The tornado incident drove home for me the whole idea that I am not in control of anything. It was so much bigger, so much more forceful, so much more frightening than any experience I had ever had. After watching it with my family that day, I didn't want to travel anywhere unless I knew what kinds of scary things could happen.
Seriously, before I went on a trip, I researched the most common natural disasters in the state where I was going. It didn't take long for me to learn what was likely to happen in almost every state in America. Want to know where tornadoes strike most often? Just ask me. Interested in the states where wildfires happen most? I can tell you that. Want to know the places most vulnerable to floods or earthquakes? I still remember them. Oh, and as a bonus, if you'd like to know the details of hurricane season, I could probably help you with those too.
Being afraid of tornadoes and natural disasters isn't terribly uncommon, but I took those fears to extremes. You see, it's one thing to be aware of your circumstances. It's another thing to let them consume and control you — and that's what fear does. Plenty of people are scared of big catastrophes, but it isn't always the big, dramatic events (like watching a tornado from the car window) that make us most afraid. We can be just as fearful of ordinary, everyday situations.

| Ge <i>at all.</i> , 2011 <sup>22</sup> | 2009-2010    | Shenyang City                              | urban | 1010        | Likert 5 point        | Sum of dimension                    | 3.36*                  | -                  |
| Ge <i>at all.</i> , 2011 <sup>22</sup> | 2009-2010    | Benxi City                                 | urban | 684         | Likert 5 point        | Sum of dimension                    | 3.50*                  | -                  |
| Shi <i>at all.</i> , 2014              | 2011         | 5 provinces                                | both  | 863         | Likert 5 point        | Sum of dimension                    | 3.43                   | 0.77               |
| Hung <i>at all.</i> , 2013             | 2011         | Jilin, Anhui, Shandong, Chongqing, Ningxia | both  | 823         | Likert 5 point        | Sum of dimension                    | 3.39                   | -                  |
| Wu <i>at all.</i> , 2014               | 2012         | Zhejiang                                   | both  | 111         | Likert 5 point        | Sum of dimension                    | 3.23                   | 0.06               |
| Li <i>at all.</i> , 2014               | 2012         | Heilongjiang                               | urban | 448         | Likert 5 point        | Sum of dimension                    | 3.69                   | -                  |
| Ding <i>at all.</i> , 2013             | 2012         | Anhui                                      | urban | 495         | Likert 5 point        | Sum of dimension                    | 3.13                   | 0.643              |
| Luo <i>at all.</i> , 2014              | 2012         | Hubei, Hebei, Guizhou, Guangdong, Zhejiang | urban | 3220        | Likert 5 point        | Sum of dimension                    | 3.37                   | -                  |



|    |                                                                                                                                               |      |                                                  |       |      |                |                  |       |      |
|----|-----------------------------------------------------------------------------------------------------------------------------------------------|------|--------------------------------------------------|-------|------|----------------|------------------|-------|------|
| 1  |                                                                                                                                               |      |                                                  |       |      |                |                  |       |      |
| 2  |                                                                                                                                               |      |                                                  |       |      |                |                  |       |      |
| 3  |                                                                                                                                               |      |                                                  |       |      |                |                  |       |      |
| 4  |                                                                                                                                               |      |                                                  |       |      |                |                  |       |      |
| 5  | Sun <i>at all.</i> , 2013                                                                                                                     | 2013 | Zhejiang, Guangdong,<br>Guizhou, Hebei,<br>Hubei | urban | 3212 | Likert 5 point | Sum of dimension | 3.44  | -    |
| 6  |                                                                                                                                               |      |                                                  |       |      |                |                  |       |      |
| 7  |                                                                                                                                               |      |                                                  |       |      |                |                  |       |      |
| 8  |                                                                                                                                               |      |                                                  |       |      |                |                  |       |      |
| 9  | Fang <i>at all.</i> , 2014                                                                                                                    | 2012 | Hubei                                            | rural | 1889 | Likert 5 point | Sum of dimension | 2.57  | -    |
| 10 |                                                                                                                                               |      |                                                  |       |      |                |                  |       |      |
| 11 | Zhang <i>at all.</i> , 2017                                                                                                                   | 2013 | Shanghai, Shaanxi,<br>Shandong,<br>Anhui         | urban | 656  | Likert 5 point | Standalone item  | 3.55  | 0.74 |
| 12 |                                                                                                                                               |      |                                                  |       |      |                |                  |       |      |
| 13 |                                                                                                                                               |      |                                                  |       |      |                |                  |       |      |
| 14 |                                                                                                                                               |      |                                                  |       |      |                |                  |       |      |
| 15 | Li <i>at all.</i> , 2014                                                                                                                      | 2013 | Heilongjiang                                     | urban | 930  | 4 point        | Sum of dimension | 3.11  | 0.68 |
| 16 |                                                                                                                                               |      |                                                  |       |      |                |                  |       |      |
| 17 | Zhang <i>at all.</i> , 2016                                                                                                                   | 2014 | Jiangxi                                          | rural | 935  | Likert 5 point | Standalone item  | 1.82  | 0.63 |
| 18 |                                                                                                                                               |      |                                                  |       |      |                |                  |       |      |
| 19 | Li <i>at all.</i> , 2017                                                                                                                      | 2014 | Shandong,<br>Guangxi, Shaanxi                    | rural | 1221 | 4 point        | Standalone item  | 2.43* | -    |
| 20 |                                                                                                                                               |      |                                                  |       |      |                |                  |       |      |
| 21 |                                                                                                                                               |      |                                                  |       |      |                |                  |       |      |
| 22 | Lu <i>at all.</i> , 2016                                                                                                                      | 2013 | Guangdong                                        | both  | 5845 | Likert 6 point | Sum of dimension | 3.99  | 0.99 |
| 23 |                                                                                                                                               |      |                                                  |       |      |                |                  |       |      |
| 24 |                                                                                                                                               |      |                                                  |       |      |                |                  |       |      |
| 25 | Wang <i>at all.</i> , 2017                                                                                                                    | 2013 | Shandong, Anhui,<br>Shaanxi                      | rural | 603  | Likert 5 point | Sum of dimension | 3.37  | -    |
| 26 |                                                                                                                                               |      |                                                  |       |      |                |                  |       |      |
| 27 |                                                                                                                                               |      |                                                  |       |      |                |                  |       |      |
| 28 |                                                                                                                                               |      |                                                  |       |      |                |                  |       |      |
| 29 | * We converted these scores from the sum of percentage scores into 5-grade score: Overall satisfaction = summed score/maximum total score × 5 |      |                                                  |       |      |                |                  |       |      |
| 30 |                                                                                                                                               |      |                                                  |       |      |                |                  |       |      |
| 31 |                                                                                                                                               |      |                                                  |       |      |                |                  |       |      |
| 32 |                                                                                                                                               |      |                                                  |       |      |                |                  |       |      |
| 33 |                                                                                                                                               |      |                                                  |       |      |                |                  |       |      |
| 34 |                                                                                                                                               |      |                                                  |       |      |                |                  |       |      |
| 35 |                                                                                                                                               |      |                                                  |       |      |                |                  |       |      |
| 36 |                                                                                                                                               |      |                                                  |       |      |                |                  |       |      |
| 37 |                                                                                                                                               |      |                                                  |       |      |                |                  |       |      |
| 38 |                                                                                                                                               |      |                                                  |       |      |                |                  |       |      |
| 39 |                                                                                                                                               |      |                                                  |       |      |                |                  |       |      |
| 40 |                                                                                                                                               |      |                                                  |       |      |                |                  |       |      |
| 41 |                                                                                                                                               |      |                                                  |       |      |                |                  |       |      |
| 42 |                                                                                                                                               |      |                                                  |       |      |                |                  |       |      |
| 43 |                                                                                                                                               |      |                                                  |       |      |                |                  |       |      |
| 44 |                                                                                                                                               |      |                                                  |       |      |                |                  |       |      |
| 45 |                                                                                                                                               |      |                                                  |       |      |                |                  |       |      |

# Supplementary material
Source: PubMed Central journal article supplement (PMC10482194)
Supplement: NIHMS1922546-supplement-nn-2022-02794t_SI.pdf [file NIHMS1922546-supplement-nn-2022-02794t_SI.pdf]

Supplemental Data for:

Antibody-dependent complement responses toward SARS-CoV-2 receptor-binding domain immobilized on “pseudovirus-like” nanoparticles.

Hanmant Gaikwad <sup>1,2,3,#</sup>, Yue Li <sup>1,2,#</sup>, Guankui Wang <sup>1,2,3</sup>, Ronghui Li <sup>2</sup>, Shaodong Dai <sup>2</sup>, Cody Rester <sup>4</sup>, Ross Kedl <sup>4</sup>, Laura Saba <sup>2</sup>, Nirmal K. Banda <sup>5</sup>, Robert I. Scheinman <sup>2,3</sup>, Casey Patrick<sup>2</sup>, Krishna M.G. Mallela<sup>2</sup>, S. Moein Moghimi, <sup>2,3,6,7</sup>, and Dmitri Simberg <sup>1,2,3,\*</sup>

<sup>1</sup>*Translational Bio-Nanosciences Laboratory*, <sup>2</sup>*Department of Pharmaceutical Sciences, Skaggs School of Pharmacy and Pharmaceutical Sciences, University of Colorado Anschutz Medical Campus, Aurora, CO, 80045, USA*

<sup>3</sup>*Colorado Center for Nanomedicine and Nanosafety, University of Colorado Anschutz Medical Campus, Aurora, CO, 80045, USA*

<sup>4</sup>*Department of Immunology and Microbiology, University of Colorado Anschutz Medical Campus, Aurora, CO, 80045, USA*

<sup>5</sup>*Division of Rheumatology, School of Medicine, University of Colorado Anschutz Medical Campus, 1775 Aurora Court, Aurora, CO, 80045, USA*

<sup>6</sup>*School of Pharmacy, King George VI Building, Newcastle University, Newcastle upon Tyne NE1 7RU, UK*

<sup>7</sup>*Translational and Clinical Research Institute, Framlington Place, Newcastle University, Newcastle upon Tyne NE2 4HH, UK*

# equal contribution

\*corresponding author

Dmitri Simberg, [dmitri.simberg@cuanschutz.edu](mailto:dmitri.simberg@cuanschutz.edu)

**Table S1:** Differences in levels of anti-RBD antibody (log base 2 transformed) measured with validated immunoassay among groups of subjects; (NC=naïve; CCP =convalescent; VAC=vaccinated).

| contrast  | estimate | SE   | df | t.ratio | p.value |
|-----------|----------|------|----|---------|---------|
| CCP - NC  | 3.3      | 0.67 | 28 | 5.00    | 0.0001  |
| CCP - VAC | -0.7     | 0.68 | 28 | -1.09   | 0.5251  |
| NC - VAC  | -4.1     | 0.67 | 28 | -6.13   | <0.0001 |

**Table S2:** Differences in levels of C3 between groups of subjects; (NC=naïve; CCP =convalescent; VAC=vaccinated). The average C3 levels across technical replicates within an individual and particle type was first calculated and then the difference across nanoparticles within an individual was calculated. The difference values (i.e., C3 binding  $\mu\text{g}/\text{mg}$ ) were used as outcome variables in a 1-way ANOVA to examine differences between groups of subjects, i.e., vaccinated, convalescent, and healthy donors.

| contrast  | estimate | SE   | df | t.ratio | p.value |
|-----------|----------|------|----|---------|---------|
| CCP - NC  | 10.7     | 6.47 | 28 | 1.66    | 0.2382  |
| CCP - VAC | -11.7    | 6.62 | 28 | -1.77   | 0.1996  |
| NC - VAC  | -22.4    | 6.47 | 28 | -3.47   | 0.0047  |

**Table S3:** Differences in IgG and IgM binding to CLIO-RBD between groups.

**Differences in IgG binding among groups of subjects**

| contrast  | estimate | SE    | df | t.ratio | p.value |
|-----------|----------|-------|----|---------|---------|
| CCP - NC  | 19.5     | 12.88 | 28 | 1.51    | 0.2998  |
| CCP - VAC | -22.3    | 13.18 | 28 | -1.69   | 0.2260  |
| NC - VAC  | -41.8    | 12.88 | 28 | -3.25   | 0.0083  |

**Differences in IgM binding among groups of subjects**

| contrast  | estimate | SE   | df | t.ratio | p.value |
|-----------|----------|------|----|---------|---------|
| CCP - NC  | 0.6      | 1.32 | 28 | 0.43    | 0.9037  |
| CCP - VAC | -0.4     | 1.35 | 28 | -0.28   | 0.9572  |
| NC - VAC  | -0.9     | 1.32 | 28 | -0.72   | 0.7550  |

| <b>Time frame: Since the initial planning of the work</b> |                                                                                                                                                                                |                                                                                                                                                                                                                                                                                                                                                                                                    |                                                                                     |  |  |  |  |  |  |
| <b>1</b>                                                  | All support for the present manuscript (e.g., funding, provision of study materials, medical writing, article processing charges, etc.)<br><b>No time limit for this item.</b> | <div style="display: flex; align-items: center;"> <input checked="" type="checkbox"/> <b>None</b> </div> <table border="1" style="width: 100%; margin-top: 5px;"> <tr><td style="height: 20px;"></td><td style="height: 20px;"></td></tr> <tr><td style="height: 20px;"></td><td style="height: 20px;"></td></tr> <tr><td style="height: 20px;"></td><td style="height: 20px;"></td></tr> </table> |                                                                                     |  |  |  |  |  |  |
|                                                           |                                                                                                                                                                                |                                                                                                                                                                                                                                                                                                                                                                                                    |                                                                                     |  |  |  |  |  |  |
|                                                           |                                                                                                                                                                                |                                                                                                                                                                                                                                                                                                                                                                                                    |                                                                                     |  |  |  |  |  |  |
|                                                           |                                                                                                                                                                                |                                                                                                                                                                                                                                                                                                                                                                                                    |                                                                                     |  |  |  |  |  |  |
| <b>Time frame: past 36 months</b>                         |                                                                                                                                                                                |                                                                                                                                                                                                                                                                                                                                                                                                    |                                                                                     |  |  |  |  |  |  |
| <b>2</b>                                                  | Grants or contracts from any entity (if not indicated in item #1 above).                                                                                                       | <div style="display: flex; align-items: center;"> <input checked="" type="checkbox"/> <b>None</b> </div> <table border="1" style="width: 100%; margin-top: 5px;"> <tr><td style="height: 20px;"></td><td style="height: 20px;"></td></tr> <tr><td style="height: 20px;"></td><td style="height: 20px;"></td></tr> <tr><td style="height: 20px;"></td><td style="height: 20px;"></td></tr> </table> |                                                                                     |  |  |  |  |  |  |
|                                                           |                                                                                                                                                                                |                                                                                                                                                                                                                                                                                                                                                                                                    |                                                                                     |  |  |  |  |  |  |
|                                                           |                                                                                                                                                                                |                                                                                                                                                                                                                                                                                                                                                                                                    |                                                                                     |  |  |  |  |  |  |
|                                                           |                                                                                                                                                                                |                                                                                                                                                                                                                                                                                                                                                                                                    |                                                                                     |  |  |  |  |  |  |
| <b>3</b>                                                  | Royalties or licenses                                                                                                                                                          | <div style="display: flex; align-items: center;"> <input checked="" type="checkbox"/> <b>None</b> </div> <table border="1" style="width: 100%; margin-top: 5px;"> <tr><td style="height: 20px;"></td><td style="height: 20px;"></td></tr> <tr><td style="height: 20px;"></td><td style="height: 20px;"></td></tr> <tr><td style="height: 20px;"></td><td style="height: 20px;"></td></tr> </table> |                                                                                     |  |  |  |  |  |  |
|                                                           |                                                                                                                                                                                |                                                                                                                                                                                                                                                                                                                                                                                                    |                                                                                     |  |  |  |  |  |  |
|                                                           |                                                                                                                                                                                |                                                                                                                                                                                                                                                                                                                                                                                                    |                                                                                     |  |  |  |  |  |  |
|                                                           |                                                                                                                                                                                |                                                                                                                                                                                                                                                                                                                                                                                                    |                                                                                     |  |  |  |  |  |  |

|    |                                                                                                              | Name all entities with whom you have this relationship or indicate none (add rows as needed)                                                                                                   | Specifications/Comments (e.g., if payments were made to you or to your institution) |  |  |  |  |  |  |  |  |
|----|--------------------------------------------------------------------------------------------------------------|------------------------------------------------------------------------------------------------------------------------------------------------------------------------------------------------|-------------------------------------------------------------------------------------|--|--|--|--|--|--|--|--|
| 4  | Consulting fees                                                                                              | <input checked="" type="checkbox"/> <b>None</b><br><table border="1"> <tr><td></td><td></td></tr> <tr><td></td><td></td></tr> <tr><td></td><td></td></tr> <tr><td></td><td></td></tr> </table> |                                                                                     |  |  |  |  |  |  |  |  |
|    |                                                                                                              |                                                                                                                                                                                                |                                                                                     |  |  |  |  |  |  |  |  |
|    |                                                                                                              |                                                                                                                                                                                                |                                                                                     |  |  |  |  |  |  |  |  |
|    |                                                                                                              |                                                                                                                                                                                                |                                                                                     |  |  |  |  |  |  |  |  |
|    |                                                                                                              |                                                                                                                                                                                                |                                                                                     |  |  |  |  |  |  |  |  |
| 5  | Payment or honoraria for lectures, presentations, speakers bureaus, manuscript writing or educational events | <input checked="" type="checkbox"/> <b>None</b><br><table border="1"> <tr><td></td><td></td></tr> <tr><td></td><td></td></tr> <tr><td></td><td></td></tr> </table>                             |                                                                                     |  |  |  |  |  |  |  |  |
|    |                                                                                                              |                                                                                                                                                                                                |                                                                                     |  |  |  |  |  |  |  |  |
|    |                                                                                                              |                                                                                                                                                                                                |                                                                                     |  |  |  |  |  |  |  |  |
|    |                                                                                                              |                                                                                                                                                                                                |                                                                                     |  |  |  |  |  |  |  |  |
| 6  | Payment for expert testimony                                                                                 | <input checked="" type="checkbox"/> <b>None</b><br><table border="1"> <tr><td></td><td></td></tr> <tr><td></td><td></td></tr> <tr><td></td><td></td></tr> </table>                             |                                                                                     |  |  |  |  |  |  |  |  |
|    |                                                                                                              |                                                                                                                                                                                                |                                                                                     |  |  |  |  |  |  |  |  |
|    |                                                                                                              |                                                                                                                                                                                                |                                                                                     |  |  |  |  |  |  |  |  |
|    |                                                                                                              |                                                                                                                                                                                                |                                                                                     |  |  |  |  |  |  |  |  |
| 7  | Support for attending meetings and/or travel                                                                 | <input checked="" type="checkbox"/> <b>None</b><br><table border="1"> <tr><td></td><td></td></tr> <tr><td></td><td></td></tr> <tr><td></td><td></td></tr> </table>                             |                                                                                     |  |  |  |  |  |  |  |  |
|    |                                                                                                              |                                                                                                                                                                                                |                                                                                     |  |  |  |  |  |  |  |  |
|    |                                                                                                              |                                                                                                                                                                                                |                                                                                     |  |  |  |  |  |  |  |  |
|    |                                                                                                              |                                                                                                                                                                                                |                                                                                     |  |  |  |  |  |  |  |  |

Maybe you've heard that a lot of people struggle with the fear of public speaking. That's been true for me. You may have heard me speak in a large arena or on YouTube, where the whole world can watch and think, No way! She didn't seem nervous at all! (If you have, thanks for being there!) Let me just say this: I was the person in elementary school who started sweating and breathing fast if the teacher called on me to read aloud in class. I had to learn to face my fears every time I stepped on a stage or in front of a camera.